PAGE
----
Friday, May 19, 2017

Born on this day back in 1593: Jacob Jordaens

May 19, 1593. ANTWERP.- Jacob Jordaens was one of three Flemish Baroque painters, along with Peter Paul Rubens and Anthony van Dyck, to bring prestige to the Antwerp school of painting. Unlike those contemporaries he never traveled abroad to study Italian painting, and his career is marked by an indifference to their intellectual and courtly aspirations. In fact, except for a few short trips to locations in the Low Countries, he remained in Antwerp his entire life. As well as being a successful painter, he was a prominent designer of tapestries. In this image: Jacob Jordaens. The King Drinks. c.1640.

Jacob Jordaens Self-Portrait with Parents, Brothers, and Sisters. c. 1615. Oil on canvas. The Hermitage, St. Petersburg, Russia. Web Gallery of Art

[Abduction of Europa], Jacob Jordaens, 1615/16, Gemäldegalerie Berlin
Jacob Jordaens, As the Old Sang, So the Young Pipe. National Gallery of Canada
From the time of Peter Paul Rubens's death in 1640 until 1660, Jacob Jordaens was in greater demand than any other artist in northern Europe. He remained Antwerp's leading figure painter until his death. Unlike most of his contemporaries, Jordaens never went to Italy; he was born and lived his whole life in Antwerp, where he and his friend Rubens shared the same teacher.

In the 1620s Jordaens built a flourishing studio while also frequently assisting Rubens. His style is based on Rubens's exuberance, with stronger chiaroscuro and thicker impasto. Despite converting from Catholicism to Calvinism in mid-life, Jordaens received numerous commissions for Catholic churches. A masterful technician, Jordaens' prolific output includes altarpieces, portraits, genre, and mythological scenes. He also produced watercolors, tapestry designs, and engravings. His late works include large genre scenes of drinking parties. The Getty,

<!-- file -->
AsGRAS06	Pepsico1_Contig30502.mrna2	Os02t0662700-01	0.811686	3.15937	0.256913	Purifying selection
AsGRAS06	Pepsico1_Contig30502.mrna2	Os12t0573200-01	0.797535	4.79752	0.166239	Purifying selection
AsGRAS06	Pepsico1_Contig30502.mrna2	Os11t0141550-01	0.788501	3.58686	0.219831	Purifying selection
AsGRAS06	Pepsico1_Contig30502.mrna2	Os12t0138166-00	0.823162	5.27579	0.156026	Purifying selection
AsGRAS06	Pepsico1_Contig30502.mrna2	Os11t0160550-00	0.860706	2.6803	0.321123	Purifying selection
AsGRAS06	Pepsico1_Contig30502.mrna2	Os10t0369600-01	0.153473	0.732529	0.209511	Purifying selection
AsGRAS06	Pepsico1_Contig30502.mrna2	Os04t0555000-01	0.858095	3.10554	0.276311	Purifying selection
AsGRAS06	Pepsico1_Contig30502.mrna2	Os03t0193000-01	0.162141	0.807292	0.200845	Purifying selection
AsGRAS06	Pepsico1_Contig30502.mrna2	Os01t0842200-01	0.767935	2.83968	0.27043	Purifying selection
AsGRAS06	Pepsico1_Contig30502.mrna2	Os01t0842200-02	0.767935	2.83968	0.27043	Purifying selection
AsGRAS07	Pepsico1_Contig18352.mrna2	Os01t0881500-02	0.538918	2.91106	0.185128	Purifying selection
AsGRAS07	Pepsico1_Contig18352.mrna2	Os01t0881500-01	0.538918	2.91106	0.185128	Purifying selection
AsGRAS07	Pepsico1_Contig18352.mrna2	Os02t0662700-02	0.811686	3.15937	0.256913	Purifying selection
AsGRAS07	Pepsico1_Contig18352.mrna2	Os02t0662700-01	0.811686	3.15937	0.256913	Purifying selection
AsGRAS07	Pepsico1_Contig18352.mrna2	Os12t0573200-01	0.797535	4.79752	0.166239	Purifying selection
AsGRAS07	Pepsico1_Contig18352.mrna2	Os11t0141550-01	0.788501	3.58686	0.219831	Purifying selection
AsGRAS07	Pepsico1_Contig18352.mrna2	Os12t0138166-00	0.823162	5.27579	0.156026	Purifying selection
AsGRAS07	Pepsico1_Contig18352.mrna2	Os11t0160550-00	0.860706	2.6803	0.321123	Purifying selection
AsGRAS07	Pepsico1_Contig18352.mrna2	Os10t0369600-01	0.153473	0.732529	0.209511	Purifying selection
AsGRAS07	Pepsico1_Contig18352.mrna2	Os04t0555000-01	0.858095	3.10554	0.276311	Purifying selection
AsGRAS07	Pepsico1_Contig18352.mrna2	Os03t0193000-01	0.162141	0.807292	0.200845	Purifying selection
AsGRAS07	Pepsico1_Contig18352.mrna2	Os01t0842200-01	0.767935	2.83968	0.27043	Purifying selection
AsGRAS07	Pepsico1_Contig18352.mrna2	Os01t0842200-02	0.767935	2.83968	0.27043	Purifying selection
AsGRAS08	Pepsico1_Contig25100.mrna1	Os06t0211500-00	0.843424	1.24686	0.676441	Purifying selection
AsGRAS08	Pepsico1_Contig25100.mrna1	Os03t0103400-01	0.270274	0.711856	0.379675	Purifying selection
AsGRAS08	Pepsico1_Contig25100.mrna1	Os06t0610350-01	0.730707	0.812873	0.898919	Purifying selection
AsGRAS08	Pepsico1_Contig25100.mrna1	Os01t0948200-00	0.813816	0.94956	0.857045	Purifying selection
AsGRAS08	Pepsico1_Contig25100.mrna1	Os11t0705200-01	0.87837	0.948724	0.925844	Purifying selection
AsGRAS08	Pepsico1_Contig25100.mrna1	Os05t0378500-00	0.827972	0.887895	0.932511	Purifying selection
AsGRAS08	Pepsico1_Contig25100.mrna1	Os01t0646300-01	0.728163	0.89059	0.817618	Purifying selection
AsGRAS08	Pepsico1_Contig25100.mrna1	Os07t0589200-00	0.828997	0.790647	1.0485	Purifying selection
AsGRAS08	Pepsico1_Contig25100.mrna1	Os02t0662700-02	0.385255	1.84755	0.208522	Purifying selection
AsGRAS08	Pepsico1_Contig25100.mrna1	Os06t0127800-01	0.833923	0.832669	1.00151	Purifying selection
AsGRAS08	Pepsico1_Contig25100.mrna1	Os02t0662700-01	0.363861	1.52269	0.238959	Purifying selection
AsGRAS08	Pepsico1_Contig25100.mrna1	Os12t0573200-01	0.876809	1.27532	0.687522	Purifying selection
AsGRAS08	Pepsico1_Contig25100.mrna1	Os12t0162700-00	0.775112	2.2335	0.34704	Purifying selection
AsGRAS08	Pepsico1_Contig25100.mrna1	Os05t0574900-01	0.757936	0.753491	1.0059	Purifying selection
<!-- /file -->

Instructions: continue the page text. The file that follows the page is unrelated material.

Holy Family with Shepherds

The date of 1616 on the tall shepherd’s hat is the earliest known on any work by Jordaens. He never went to Italy but intensified the Caravaggesque qualities found in works by Rubens and other Antwerp artists such as Abraham Janssens. His handling of light and shadow and closely clustered figure groups convey a sense of intimacy that is distinctive of the young Jordaens. The Met

1 comment:

Carla Ives said...

I like Jordaens because I love this style of "old" artwork, i.e. the Flemish Renaissance painters. I guess I'm an old fuddy-duddy in that I like the art to look like the subject. Plus, these paintings give me an inkling into what life was like so many years ago.